Review: The Space Shuttle Program: Technologies and Accomplishments
by Jeff Foust
|The original requirements for the shuttle included no capability for doing spacewalking, since NASA envisioned the shuttle as more like an airplane that would take off, deliver its satellite, and return to Earth.|
The book examines those various uses of the shuttle on a chapter-by-chapter basis, after an introductory chapter on the development of the shuttle itself in the 1970s. These include the obvious uses like repairing the Hubble Space Telescope and launching (and occasionally retrieving) satellites. There are also chapters on science and technology development missions, Spacelab and other science missions, commercialization efforts like the payload specialist flights of Charlie Walker, and military shuttle missions (about which, decades later, little is still known.) The assembly of the ISS isn’t included in the book, beyond a chapter on experiments in early shuttle flights about on-orbit assembly of structures, critical to the later assembly of the station itself.
While the topics may be familiar ground for many readers, Sivolella offers some interesting insights about the various uses of the shuttle. For example, the original requirements for the shuttle included no capability for doing spacewalking, since NASA envisioned the shuttle as more like an airplane that would take off, deliver its satellite, and return to Earth. The success of the spacewalks to repair Skylab after its launch convinced many in the agency that it would be useful to have that capability, which in the subsequent decades became essential to human spaceflight.
But for all the technical success that many of those applications enjoyed, they were ultimately not programmatically successful. The Challenger accident took the shuttle out of the satellite launching business, but even if it hadn’t the shuttle was becoming less competitive compared to expendable rockets. The military, reluctant to make use of the shuttle in the first place, also ended its use of the shuttle a few years after the post-Challenger return to flight. Scientific research could be done better on the space station or robotic spacecraft, and satellite servicing outside of its use on Hubble was limited (there’s renewed interest in satellite servicing today, but using robotic systems, particularly on satellites in geostationary orbit beyond the reach of the shuttle.)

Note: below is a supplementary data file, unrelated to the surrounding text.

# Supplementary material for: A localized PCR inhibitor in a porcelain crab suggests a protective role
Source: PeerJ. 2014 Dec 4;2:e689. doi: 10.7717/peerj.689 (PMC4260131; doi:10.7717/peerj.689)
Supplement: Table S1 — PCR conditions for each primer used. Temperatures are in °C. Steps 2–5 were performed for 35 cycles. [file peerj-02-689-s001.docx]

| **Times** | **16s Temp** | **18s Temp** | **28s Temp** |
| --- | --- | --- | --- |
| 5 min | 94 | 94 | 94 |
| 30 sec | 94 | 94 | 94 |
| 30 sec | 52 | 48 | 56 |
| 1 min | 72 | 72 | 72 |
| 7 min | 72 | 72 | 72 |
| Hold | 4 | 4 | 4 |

So, despite this versatility, was the shuttle a mistake, as then-NASA administrator Mike Griffin said in 2005, a comment included in the book’s final chapter? Sivolella disagrees. “Although the idea of the Space Transportation System was faulty, the Shuttle was a remarkable flying machine and will remain one of the most sophisticated creations of humankind for a long time,” he writes. It was, he acknowledges, too far of a leap from Apollo-era capsules to the shuttle, but said that the shuttle might have been more successful had it received more funding in its development. Those limited budgets, he said, “forced NASA and the US aerospace industry to accept onerous requirements and settle for the least expensive solutions, even though it was readily apparent they were not the best in engineering terms.”
There seems to be no rush by the United States, other countries, or other companies to develop something with the versatility—and complexity and cost—as the shuttle. The versatility the shuttle demonstrated over the course of its history, despite its cost and other problems, won’t be duplicated any time soon, or perhaps ever.